New error handling inspection request: finally clause masks uncaught except

Dave / Jetbrainers / et.all

Lemme know if this already exists and I'm just not seeing it, but a 'bug' I've been hit with twice now in the past month strikes me as a great idea for an inspection (one of my co-workers happily pointed out that Eclipse has this one already).

The problem is with the finally clause masking any thrown exception silently.

Take for example:

try {
// Do something which throws an IOException
} catch (IOException e) {
// handle it
} finally {
// do your clean up and move on...
}

Now, if I change this to:

try {
// Do something which throws an IOException
// Do something which also throws a FooBarWhimperException
} catch (IOException e) {
// handle it
} finally {
// do your clean up and move on...
}

Idea shows no bugs, no problems, javac happily compiles it properly, because the finally clause is happily masking the FooBarWhimperException.

My initial thoughts were that javac should complain, but it doesn't (must go read the docs on the finally clause and see if this is documented), so it'd be great to have an intention/inspection that highlights the fact the exception is masked by the finally clause.

Easy? Hard? Already done somewhere?

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Mark,

I'm not sure if I really understand your problem: What do you mean with the
finally clause "masks" the exception? The finally clause doesn't have anything
to do with exceptions per se; it's just guaranteed to be executed when its
try-block is left - either normally or abnormally via any exception.

This is an example that can be used to execute code after a return statement
without any exceptions involved:

try { return myObject; } finally { myObject = nextObject(); }

The only weird thing that can happen is if the try-block is left by an exception
and the finally-clause throws an exception as well: The exception from the
frinally block will "win" then.

However, a return statement inside a finally block does mask any exception and
will override any value that is returned from inside the try block. But there's
an inspection for this already: "'return' inside 'finally' block".


Sascha

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I think you're misunderstanding the semantics here. In your example, the FooBarWhimperException isn't masked, it is simply never thrown! The IOException is thrown, caught, the catch block executed, the finally block executed, and the example left. The line throwing FooBarWhimperException is never executed.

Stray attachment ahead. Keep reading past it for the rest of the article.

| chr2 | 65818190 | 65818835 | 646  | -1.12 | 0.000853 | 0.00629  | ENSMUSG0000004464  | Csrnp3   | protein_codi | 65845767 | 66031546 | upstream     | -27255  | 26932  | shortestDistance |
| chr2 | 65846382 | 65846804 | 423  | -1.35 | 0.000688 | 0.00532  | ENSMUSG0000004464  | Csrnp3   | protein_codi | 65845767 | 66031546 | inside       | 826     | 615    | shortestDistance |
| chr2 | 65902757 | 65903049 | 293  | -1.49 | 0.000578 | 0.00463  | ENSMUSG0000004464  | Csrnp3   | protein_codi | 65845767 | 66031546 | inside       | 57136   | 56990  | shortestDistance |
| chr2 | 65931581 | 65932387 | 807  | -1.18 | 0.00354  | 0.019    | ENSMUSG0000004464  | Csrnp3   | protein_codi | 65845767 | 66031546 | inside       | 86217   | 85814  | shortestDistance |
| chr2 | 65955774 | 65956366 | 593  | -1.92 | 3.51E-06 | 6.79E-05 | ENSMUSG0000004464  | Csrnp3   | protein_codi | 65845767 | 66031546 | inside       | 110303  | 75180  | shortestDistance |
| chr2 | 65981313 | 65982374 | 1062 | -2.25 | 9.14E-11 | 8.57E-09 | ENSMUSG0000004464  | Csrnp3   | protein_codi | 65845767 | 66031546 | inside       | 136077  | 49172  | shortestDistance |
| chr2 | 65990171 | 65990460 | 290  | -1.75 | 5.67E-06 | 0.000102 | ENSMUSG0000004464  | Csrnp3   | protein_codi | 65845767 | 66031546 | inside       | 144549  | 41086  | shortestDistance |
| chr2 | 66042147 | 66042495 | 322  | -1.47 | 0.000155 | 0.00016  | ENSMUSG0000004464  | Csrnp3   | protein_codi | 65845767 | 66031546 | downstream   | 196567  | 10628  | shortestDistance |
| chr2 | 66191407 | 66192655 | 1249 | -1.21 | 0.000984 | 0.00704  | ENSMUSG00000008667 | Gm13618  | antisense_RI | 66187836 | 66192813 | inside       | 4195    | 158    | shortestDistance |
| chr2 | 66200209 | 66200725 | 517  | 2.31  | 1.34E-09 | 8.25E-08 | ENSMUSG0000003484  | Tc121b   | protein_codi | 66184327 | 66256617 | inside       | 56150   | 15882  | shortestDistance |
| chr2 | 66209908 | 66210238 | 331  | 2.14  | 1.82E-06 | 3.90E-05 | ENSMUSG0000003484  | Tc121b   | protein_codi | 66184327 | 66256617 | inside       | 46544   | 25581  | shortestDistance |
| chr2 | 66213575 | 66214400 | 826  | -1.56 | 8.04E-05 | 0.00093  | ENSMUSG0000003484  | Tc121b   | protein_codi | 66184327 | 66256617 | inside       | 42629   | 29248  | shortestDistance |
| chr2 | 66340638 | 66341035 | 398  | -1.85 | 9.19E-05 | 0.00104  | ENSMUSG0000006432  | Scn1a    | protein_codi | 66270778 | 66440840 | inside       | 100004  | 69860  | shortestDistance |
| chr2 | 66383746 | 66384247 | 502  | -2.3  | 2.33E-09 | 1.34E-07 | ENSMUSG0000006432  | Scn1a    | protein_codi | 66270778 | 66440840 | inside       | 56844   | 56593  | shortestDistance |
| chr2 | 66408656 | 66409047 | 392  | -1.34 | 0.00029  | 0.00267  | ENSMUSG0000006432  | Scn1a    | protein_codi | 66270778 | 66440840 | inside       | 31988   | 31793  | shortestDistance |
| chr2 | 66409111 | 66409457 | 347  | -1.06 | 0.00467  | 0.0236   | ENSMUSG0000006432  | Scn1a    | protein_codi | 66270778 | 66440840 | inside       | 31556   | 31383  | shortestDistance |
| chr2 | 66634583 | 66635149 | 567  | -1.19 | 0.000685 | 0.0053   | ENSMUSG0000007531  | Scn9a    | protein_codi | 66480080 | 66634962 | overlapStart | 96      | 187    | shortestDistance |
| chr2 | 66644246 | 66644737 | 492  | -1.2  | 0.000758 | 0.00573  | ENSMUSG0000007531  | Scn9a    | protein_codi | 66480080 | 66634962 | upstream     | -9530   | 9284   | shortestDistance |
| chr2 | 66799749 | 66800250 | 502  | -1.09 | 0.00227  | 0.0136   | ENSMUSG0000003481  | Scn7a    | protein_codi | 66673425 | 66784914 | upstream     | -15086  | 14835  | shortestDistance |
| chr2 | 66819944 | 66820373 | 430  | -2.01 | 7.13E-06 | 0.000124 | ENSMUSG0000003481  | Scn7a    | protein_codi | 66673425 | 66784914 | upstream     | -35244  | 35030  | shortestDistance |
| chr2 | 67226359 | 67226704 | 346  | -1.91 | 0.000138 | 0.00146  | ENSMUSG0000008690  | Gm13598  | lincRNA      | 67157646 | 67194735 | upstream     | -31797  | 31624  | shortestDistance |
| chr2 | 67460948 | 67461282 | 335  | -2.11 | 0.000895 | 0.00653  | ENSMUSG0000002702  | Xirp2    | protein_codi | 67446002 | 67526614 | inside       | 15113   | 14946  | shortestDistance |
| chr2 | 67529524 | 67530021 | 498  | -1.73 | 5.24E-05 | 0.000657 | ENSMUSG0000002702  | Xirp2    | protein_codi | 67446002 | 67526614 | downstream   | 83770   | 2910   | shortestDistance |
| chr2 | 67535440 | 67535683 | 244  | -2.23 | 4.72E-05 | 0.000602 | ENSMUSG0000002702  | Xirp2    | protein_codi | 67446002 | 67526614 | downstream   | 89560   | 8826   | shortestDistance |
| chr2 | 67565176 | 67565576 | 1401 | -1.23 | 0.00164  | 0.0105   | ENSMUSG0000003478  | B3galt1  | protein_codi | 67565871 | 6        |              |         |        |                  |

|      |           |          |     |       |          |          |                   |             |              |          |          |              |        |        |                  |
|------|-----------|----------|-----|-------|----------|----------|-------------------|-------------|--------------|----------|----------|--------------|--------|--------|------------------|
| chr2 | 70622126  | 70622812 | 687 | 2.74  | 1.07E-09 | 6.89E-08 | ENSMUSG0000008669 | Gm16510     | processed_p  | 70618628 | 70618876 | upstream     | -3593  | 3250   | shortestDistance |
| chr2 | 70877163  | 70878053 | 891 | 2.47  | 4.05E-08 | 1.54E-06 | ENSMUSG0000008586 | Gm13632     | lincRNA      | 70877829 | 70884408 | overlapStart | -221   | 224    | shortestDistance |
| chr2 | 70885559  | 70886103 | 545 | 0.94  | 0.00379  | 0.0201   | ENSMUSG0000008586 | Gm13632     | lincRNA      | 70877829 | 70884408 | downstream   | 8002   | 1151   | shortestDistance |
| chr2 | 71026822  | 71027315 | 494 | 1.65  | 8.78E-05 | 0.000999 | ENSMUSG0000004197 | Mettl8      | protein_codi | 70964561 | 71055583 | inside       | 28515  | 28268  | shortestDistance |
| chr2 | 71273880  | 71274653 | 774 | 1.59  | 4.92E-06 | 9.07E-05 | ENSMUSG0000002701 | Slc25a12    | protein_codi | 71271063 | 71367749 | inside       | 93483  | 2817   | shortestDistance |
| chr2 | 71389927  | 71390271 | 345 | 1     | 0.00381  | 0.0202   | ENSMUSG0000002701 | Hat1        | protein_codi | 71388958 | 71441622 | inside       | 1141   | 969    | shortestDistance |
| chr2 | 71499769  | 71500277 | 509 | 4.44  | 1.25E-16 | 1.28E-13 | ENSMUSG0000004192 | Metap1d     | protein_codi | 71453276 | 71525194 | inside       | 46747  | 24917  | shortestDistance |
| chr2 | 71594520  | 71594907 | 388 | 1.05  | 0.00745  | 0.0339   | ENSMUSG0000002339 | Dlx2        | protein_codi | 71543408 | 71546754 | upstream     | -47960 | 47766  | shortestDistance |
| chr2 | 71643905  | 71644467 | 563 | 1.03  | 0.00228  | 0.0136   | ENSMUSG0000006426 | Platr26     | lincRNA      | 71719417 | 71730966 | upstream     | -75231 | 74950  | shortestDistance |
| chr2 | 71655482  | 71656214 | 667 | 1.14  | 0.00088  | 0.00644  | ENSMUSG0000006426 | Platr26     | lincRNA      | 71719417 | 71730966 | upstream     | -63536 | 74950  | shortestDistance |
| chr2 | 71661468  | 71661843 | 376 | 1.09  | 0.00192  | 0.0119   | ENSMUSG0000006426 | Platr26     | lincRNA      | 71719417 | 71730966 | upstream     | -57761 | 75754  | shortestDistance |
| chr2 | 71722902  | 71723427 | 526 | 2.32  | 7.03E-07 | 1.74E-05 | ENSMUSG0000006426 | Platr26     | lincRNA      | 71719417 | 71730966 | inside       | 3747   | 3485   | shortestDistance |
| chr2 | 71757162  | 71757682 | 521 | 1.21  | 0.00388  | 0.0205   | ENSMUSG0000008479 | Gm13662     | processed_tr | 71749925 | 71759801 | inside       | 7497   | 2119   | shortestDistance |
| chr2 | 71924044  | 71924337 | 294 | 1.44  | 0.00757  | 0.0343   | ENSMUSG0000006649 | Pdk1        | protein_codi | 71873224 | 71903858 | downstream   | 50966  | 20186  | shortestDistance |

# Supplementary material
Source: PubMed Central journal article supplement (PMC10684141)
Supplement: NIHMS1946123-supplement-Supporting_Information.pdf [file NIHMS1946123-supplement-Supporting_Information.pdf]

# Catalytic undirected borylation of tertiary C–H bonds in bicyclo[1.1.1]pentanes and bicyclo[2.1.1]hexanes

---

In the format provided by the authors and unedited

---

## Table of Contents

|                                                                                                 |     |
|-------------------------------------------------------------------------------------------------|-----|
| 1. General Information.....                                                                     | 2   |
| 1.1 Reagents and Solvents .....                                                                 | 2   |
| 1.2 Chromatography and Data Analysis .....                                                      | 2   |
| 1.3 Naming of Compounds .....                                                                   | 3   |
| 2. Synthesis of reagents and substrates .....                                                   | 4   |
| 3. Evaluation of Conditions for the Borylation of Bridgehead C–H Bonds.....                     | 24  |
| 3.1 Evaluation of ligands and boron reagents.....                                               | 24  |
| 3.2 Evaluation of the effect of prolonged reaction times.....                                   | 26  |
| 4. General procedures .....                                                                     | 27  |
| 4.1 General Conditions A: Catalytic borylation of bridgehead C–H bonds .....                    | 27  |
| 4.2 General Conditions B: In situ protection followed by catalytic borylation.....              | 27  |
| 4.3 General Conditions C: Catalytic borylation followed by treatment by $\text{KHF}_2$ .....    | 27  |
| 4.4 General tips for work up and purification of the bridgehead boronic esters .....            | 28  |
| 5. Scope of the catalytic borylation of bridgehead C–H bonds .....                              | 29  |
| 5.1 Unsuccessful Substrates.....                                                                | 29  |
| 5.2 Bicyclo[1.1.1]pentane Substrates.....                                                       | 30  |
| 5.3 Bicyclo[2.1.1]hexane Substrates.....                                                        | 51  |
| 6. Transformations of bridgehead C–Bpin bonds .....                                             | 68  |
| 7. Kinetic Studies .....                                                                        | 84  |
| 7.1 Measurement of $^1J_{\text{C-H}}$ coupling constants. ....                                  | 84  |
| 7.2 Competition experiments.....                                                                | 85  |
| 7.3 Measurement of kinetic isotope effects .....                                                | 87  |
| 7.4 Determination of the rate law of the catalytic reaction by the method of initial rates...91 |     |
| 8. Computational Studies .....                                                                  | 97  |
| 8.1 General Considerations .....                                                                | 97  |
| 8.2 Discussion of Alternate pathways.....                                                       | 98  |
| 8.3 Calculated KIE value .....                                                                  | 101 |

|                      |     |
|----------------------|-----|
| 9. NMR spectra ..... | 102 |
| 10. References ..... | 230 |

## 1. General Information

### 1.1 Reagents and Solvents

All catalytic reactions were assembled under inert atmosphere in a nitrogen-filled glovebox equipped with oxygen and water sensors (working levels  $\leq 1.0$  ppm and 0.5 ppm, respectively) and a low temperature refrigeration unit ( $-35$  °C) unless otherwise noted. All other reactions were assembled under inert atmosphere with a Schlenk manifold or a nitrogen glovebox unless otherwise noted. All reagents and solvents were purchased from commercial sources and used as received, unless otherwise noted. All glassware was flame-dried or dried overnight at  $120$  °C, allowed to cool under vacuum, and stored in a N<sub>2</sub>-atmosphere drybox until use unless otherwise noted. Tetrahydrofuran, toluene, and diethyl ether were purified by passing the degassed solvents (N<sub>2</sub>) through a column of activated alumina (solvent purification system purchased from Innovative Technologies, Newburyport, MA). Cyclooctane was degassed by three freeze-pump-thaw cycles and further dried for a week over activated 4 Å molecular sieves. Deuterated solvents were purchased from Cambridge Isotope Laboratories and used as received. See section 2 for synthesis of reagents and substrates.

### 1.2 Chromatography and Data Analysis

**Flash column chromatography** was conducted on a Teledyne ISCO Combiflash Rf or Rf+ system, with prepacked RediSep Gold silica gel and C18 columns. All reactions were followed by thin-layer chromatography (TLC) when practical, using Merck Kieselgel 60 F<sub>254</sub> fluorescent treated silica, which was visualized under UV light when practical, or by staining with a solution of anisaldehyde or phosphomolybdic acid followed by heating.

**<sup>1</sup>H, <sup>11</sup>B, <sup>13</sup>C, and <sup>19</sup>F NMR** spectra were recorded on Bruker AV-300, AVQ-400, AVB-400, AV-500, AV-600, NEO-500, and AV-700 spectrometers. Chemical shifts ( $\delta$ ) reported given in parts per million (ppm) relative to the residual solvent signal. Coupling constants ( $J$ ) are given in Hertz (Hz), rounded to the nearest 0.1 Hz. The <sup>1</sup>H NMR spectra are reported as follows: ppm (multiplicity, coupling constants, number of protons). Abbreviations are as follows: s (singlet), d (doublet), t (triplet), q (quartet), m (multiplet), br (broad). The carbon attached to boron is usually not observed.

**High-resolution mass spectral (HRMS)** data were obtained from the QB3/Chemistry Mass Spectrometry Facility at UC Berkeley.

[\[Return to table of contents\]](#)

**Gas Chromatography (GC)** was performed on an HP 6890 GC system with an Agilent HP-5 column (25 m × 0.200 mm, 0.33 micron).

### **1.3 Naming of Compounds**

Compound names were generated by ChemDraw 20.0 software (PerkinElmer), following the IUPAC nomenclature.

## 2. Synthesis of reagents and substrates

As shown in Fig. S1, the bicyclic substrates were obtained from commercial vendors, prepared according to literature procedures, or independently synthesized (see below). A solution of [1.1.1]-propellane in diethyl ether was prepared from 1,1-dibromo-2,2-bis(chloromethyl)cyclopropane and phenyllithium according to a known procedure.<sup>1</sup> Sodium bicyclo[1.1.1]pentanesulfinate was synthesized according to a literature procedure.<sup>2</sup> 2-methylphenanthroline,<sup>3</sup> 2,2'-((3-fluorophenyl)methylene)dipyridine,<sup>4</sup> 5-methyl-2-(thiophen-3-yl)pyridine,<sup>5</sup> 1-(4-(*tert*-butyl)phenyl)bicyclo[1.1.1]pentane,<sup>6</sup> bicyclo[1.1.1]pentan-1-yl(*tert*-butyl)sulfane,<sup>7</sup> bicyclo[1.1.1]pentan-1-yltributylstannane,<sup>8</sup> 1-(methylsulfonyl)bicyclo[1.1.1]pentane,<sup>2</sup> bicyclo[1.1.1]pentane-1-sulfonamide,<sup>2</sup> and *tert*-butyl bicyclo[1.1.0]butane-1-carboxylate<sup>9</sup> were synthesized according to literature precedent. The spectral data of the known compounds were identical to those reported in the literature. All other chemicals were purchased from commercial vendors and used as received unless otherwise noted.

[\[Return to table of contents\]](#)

Java doesn't have any support for resumption semantics for exception. Once an exception is thrown, there is no way to go back to the point of the exception. Other languages have this ("retry" in Eiffel), but not Java. (As a static analyis writer, I'll say that this lack is a Good Thing, as resumable exceptions would make most code analyses much weaker. As a developer, I can't say I've needed resumable exceptions more than once a decade on average.)

Or maybe I'm misunderstanding what you're saying.

The only way an exception can be "thrown away" by a finally-block is if it doesn't return normally. There are already inspections for return/throw/continue/break statements inside finally-blocks. Theoretically, an exception could be masked by a method call in a finally block which throws a (possibly unchecked) exception, but that would probably produce way too many false positives to be useful.

There's also an inspection for thrown exceptions which are caught locally, effectively using a "throw/catch" pair as a downward "goto". That would trigger in this case if the IOException was explicitly thrown, but not if it was thrown from a method call.

Can you give me a link to the semantics of the Eclipse check? Checks in Eclipse that aren't available in IDEA are, of course, an affront to God and Nature, and need to be fixed for the next EAP.

--Dave Griffith

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